Rate of carbon content per cellular volume unit (Cv) increase

Range Table - link days^-1
Organism bacteria
Reference Marc Troussellier, Marc Bouvy, Claude courties, Christine dupuy, Variation of carbon content among bacterial species under starvation condition, Aquatic microbial ecology, Vol 13 :113-119. 1997 link p.117 table 3
Method P.114 right column 2nd & 3rd paragraphs: "At the same time, a subsample was filtered onto a black Nuclepore filter (0.2µm pore size) which was stored at 5˚C in the dark, and examined, within 48 h, with an epifluorescence microscope (Olympus BH with a 100×UVFL iris objective) to determine size of DAPI stained bacteria. Photographs (Kodak Tmax ASA 400) were taken from 10 randomly selected fields, then projected onto a digitizer tablet (final magnification, ×5000). Dimensions of 50 cells per sample were measured with a computer-assisted digitizer. Cell volume (V) was calculated assuming that the shape of bacteria was spherical or cylindrical with hemispheric ends: V=(πw^2/4)(l-w/3), where w is the width and l is the length of the cell (Bratbak 1985). Calibration was performed with microphotographs of a slide micrometer (Zeiss) and microspheres (Polysciences, Warrington, PA) of 0.51 and 0.75µm diameter."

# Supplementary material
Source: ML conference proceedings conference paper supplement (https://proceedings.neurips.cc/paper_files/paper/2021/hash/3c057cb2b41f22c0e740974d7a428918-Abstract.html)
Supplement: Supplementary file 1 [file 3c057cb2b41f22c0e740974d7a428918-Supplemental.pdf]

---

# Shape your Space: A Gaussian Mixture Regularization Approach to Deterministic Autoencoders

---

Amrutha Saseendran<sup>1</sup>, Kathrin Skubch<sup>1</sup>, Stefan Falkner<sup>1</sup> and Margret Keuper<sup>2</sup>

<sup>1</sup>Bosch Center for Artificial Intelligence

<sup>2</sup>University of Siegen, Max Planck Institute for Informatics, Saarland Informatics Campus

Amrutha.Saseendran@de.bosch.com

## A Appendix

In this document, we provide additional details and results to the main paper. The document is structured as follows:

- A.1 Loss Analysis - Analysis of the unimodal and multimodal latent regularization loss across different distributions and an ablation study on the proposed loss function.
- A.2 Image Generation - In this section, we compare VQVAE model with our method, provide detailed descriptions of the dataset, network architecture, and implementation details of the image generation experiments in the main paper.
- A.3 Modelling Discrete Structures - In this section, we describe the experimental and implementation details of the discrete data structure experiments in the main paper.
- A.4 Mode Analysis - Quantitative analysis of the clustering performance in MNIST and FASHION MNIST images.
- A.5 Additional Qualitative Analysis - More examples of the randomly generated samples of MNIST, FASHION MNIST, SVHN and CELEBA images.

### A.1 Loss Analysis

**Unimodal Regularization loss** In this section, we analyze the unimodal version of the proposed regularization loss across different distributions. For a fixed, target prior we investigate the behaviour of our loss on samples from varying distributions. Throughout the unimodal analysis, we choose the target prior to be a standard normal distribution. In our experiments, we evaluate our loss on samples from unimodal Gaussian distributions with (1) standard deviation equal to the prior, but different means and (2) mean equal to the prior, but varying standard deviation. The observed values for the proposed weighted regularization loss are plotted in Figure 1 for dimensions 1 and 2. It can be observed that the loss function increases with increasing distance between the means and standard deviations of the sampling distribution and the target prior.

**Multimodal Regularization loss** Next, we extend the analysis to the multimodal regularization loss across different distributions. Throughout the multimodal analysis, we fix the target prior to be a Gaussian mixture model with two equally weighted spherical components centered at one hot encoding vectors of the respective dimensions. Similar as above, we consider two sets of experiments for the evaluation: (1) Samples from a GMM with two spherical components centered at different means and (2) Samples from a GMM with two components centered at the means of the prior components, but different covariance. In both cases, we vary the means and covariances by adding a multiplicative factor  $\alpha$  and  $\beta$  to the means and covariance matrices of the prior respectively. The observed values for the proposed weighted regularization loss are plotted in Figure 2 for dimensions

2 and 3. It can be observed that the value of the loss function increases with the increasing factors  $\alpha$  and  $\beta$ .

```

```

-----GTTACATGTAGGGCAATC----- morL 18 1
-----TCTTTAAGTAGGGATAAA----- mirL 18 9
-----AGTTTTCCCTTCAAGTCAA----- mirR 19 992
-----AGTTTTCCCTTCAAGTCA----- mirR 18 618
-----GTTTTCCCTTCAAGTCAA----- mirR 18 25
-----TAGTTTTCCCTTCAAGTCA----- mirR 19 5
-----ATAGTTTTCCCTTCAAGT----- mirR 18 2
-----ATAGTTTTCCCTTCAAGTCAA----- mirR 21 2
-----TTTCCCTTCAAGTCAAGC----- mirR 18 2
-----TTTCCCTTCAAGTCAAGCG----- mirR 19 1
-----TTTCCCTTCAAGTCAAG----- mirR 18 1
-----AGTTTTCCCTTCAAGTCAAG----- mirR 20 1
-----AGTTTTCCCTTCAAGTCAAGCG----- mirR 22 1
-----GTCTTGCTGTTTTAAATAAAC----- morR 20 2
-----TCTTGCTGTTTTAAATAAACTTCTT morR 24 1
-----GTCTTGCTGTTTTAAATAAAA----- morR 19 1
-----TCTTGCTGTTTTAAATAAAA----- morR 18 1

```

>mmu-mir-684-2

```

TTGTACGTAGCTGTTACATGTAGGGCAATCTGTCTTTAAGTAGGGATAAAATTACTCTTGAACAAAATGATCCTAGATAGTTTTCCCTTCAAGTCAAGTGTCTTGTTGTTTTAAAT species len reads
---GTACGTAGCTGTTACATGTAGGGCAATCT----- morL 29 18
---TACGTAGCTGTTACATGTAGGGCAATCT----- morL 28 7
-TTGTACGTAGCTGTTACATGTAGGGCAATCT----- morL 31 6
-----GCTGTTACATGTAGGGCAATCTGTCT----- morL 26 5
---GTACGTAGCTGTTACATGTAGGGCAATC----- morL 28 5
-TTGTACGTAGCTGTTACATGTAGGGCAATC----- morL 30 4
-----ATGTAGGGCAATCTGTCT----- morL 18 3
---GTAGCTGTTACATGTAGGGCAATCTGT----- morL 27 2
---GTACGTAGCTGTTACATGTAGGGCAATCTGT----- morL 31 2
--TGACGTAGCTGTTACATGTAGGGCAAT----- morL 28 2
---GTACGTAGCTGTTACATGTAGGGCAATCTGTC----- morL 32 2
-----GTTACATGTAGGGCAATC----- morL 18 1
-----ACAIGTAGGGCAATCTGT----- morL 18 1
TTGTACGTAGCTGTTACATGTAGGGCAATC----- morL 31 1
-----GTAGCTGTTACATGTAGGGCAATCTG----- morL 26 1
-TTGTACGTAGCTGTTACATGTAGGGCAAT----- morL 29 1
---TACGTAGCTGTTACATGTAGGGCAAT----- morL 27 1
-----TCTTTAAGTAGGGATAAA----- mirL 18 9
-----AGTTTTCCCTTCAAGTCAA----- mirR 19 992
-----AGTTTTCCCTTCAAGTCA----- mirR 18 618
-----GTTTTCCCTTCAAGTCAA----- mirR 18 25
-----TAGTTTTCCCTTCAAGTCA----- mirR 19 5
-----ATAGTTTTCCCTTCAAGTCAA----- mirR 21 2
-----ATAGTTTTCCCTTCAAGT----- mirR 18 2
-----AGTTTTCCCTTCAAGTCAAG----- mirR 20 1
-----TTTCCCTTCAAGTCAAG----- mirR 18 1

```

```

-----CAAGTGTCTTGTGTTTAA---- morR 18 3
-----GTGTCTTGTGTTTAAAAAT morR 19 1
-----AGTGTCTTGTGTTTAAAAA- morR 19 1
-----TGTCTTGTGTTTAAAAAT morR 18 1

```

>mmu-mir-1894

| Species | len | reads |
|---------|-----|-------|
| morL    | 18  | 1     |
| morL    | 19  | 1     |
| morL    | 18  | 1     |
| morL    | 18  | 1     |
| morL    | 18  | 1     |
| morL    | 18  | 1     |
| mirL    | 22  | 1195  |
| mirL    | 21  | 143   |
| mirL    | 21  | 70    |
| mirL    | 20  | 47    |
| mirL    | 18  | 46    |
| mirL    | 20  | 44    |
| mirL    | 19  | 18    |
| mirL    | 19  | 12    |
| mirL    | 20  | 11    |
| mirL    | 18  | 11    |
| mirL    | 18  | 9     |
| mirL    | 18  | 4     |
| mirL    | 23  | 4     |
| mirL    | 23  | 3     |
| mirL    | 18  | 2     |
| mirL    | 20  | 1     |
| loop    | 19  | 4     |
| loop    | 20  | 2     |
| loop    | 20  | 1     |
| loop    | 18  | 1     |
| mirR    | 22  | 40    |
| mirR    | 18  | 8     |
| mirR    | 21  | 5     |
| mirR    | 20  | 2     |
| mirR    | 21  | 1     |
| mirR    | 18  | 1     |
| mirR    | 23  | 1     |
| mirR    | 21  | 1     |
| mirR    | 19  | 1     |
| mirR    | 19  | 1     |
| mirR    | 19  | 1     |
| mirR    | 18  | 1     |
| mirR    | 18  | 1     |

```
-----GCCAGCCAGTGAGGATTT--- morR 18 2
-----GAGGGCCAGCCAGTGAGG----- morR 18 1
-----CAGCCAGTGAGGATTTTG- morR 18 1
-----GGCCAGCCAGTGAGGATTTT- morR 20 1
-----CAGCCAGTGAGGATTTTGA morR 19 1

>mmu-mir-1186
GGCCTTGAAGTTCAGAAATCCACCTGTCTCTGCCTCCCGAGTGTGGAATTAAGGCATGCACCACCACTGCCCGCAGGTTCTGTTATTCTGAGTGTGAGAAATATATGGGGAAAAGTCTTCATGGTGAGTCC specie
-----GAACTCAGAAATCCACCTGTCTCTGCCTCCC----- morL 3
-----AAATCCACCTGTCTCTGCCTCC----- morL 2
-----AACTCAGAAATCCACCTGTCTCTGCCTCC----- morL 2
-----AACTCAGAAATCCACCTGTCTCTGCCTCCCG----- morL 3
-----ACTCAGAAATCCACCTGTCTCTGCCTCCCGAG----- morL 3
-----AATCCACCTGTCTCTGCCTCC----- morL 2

Comments P.115 left column 2nd paragraph: "Carbon content per cellular volume unit (Cv): In contrast, the amount of carbon per cellular volume unit (Cv) exhibited a significant increase during incubation for each strain (Figs. 1 & 2). The slopes of the linear regression model between Cv values and time showed that, except for Alteromonas rubra, marine strains have a higher Cv increase rate than non-marine strains (Table 3). At the end of the starvation period (28 d), there was a factor of 9 between the lowest (68.84, Escherichia coli) and the highest (609.52, Vibrio fischeri) CV values."
Entered by Uri M
ID 112934